Friday, December 25, 2009

The Scoop on Boxing Day

     I was asked today to write a little something about Boxing Day...apparently, having something of a background and interest in history (7 years teaching Social Studies can do that to a person), meant I had the kind of expertise on the subject that would lend credibility to a posting.
     Actually, my only real expertise on Boxing Day was shopping.
     However, the tradition for the day was as follows. Boxing Day was the day when the British Empire's gentry would distribute gifts to their servants, hired help and whatnot. Naturally, I'm assuming those fine folk were working on Christmas Day to serve their masters' families, and were clearly not of any stature to partake in gift exchanges on Christmas Day with those whom they served. So, gifts and tokens would be boxed and set aside to be given the day after Christmas.
     These days, of course, we mainly think of Boxing Day as the day for sales, and lining up at ungodly hours in the hopes of getting that one, precious, and severely marked-down piece of electronics they've been advertising on TV for 3 weeks prior. To me, it's a scam. Lure you in with rock-bottom sale pricing for an item they'll inevitably only have 1-2 of anyway. But hey, since you're here (and have been waiting/freezing since 4am), why not upgrade to that other item, which frankly, is better anyway, and still a great deal at $100 more than you'd budgeted.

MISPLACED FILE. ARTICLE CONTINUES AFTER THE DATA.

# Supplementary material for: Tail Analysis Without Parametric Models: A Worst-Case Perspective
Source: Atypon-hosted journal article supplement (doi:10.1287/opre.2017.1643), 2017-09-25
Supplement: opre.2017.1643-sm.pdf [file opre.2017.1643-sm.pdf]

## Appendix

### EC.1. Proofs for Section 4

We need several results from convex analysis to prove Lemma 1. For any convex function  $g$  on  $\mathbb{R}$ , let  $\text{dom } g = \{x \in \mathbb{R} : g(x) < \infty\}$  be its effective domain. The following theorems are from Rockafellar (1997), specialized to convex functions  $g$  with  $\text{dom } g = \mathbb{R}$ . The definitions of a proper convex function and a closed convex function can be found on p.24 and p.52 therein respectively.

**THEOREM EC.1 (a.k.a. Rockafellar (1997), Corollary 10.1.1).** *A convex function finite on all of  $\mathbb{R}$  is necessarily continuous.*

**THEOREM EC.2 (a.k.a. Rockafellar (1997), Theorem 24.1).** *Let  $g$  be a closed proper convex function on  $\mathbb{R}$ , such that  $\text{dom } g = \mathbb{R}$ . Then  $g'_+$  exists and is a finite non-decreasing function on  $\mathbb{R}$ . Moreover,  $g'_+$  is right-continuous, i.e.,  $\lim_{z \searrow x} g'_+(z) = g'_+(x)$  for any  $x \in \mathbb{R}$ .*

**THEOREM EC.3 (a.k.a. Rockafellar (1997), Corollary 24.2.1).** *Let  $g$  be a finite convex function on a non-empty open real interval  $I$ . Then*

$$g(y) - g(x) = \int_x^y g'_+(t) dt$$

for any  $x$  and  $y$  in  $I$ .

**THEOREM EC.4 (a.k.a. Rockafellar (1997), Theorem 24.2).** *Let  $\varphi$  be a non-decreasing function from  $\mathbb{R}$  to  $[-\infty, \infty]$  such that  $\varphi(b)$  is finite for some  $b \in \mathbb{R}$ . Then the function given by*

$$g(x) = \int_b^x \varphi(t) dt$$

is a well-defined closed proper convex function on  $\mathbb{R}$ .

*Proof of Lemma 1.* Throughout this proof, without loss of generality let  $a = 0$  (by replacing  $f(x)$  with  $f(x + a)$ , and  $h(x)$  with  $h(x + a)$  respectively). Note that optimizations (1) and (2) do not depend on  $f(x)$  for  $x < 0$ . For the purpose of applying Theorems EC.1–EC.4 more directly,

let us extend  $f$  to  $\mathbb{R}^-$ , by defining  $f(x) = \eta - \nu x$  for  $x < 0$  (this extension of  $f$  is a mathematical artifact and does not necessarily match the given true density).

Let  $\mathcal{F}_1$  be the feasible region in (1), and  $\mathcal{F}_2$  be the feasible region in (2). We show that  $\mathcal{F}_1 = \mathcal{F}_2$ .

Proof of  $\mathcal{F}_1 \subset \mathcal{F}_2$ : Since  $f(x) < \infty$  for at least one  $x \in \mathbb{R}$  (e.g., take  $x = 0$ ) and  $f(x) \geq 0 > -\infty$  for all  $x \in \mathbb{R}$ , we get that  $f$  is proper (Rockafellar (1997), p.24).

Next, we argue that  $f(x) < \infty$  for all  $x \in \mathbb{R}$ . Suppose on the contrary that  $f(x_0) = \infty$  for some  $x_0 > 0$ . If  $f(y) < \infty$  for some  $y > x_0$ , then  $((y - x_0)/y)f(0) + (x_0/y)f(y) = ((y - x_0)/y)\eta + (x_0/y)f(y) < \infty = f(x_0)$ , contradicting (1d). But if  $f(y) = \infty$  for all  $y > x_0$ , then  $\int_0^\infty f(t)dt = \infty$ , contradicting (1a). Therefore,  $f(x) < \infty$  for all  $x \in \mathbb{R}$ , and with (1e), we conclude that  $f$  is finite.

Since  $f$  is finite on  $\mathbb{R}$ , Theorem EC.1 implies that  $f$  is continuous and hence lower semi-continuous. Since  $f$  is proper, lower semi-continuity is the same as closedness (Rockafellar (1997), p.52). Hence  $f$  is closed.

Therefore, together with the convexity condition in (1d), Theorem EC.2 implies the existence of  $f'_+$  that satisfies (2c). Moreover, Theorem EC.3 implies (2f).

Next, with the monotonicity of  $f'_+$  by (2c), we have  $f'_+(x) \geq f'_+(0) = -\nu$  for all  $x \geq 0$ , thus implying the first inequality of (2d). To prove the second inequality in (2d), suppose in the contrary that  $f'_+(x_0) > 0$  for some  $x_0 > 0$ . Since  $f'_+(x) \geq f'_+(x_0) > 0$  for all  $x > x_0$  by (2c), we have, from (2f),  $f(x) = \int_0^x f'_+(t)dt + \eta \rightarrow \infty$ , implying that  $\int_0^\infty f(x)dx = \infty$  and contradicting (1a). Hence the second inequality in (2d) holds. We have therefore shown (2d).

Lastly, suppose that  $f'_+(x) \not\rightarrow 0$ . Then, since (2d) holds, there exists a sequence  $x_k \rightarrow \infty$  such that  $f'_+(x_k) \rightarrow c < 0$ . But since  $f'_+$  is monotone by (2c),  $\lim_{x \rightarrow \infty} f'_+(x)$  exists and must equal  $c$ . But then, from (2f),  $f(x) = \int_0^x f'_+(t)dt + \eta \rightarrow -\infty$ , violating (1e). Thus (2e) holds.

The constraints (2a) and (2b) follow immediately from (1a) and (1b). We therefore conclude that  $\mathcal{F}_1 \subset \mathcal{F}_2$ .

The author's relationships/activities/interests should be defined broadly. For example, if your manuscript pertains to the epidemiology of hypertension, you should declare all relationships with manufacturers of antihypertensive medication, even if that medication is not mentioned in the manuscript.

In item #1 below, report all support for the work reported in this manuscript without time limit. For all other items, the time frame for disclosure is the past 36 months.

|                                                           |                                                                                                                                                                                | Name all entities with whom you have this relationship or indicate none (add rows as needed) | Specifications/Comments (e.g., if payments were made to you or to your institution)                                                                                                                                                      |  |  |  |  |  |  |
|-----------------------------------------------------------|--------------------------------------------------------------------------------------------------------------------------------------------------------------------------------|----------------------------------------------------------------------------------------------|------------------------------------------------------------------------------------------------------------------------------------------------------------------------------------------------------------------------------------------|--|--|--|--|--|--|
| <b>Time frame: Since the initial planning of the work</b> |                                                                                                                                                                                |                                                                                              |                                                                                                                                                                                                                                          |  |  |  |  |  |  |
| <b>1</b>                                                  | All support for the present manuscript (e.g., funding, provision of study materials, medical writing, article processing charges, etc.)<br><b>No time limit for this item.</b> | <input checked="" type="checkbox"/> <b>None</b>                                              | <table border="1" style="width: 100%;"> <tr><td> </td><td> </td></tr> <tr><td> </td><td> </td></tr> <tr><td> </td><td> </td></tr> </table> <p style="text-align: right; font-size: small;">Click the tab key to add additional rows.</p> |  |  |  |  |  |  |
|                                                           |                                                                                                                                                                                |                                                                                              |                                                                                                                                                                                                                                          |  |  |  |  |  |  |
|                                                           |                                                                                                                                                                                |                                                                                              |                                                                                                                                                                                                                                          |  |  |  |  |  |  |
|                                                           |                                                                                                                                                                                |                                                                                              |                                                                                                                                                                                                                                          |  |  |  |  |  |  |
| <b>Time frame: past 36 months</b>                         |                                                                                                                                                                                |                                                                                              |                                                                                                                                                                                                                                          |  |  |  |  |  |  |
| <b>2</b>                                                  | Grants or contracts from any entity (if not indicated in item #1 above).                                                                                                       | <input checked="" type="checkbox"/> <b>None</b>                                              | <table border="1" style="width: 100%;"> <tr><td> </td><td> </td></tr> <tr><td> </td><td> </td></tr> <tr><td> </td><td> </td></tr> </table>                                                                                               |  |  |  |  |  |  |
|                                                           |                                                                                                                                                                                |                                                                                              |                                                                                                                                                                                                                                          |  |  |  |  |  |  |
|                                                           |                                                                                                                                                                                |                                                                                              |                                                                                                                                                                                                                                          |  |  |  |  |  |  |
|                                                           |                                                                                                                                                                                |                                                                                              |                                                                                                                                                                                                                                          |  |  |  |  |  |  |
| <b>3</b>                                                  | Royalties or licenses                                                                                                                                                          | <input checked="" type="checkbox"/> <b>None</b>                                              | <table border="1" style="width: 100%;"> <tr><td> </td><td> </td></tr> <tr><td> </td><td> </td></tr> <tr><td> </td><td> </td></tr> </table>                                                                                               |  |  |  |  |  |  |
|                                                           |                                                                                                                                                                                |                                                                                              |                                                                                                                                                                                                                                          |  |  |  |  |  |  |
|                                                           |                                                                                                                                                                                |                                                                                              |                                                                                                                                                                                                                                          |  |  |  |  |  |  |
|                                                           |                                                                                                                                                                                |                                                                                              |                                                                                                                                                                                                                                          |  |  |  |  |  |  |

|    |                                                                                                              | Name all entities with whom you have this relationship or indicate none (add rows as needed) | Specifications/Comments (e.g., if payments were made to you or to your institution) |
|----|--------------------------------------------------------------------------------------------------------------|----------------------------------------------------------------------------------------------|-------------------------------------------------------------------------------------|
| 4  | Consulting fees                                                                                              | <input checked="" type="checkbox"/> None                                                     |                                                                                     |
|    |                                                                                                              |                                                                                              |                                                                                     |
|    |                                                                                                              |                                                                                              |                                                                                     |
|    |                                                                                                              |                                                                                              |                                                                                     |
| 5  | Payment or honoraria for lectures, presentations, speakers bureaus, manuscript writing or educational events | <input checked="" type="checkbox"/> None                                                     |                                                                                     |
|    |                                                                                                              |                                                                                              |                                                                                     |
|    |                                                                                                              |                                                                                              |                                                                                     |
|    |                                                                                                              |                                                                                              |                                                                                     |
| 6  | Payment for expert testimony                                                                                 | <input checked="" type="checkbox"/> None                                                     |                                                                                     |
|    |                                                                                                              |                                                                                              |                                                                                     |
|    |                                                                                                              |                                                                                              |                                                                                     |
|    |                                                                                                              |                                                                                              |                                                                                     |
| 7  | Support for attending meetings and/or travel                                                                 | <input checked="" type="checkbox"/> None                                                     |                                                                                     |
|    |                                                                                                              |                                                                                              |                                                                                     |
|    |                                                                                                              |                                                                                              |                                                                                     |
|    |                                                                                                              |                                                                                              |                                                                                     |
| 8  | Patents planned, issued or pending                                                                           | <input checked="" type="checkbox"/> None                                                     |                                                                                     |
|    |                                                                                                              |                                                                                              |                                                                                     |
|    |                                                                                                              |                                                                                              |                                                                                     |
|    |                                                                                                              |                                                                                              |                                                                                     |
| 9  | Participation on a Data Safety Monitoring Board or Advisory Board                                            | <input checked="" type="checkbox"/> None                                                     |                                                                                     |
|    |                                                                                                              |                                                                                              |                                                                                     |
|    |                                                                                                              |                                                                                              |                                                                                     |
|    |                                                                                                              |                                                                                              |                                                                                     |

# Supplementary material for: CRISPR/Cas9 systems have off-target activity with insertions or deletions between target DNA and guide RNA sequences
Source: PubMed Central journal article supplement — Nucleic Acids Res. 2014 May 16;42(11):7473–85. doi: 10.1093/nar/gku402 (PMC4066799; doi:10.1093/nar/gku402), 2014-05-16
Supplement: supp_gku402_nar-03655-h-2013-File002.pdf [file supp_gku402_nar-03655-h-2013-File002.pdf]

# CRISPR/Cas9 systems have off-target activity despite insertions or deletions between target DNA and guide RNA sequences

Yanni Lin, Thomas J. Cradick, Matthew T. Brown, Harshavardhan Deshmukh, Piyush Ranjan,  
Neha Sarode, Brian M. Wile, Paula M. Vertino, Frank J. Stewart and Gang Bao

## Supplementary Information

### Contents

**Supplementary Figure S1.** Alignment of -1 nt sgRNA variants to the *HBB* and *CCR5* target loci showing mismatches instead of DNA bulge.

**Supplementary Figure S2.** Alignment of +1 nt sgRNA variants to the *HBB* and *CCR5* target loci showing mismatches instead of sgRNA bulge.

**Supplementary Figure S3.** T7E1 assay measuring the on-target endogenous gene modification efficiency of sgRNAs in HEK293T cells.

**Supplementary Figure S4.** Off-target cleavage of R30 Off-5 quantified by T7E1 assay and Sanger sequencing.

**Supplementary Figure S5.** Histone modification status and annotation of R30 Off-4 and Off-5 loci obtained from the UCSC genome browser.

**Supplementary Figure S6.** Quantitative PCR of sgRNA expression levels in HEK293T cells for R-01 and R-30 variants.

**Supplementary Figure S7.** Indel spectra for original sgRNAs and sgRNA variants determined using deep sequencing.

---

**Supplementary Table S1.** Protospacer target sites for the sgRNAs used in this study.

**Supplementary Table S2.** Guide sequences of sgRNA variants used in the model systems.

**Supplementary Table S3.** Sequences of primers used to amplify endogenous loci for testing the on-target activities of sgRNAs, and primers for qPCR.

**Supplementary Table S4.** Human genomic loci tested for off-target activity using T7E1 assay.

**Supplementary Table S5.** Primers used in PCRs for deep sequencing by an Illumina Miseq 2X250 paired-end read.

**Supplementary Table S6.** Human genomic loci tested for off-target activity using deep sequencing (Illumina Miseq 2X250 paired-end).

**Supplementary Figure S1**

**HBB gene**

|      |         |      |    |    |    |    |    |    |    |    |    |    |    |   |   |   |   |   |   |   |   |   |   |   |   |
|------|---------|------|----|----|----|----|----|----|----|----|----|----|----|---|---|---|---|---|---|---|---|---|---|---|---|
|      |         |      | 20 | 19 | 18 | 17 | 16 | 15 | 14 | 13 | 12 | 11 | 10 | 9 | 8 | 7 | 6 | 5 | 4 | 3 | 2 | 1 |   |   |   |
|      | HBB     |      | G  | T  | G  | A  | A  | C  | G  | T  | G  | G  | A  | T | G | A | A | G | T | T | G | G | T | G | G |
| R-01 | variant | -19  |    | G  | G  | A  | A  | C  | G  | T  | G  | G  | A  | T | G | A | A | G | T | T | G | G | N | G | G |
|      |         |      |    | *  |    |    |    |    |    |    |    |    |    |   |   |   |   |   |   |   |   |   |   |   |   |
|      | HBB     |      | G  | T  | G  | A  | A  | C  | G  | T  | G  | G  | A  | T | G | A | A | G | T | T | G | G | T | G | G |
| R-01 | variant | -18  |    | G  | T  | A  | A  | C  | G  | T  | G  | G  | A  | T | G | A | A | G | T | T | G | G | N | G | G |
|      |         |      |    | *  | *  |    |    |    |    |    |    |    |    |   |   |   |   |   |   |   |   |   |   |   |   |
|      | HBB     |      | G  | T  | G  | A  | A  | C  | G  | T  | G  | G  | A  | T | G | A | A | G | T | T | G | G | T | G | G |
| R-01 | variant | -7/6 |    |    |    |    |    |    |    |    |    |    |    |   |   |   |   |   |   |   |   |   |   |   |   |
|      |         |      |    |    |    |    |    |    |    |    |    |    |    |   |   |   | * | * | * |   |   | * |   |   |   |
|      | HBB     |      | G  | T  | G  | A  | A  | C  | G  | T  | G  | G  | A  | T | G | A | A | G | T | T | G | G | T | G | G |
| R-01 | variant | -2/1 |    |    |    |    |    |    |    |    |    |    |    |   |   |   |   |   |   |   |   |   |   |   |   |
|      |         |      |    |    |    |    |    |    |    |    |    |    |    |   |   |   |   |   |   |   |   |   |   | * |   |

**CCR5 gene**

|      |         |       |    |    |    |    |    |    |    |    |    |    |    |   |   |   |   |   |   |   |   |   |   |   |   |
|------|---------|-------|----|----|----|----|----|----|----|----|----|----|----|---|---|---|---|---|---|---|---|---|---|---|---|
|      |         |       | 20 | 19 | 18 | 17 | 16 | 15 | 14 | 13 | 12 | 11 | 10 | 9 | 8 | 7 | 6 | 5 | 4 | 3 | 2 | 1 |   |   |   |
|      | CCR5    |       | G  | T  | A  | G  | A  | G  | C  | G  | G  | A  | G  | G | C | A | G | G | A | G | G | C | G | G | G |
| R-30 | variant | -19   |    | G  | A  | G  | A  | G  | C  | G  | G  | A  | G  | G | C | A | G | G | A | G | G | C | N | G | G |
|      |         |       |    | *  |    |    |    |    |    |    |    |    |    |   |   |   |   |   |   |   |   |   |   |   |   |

Has my cynicism crept in? Oops!
   I have to hand it to Americans...they have "Black Friday", which is THE shopping day for the holidays. It takes place on the Friday immediately after Thanksgiving (late November), which means you can actually buy gifts for Christmas on sale....before Christmas. The "black" label comes from the (traditional) notion that this is the day that pulls retailers into the black on finances. Not sure that's the case this year or last, but there you have it.
     I just remember on Boxing Day, heading to the mall with Mum to pick through what was left of holiday items, hoping to stock up for next year's holidays (cheap cards! wrap! bows! lights!) on the cheap. The more I think about it, Boxing Day - a British tradition - works out best for Orthodox Ukrainians, who are smart enough to wait 'til January for their Christmas celebrations.
     I can't say I entirely miss Boxing Day now that I live in the US, but I do have a sympathetic ear for my American colleagues who whine (jealously) about all the additional holidays Canadians get.
    Happy Holidays and good luck with the shopping!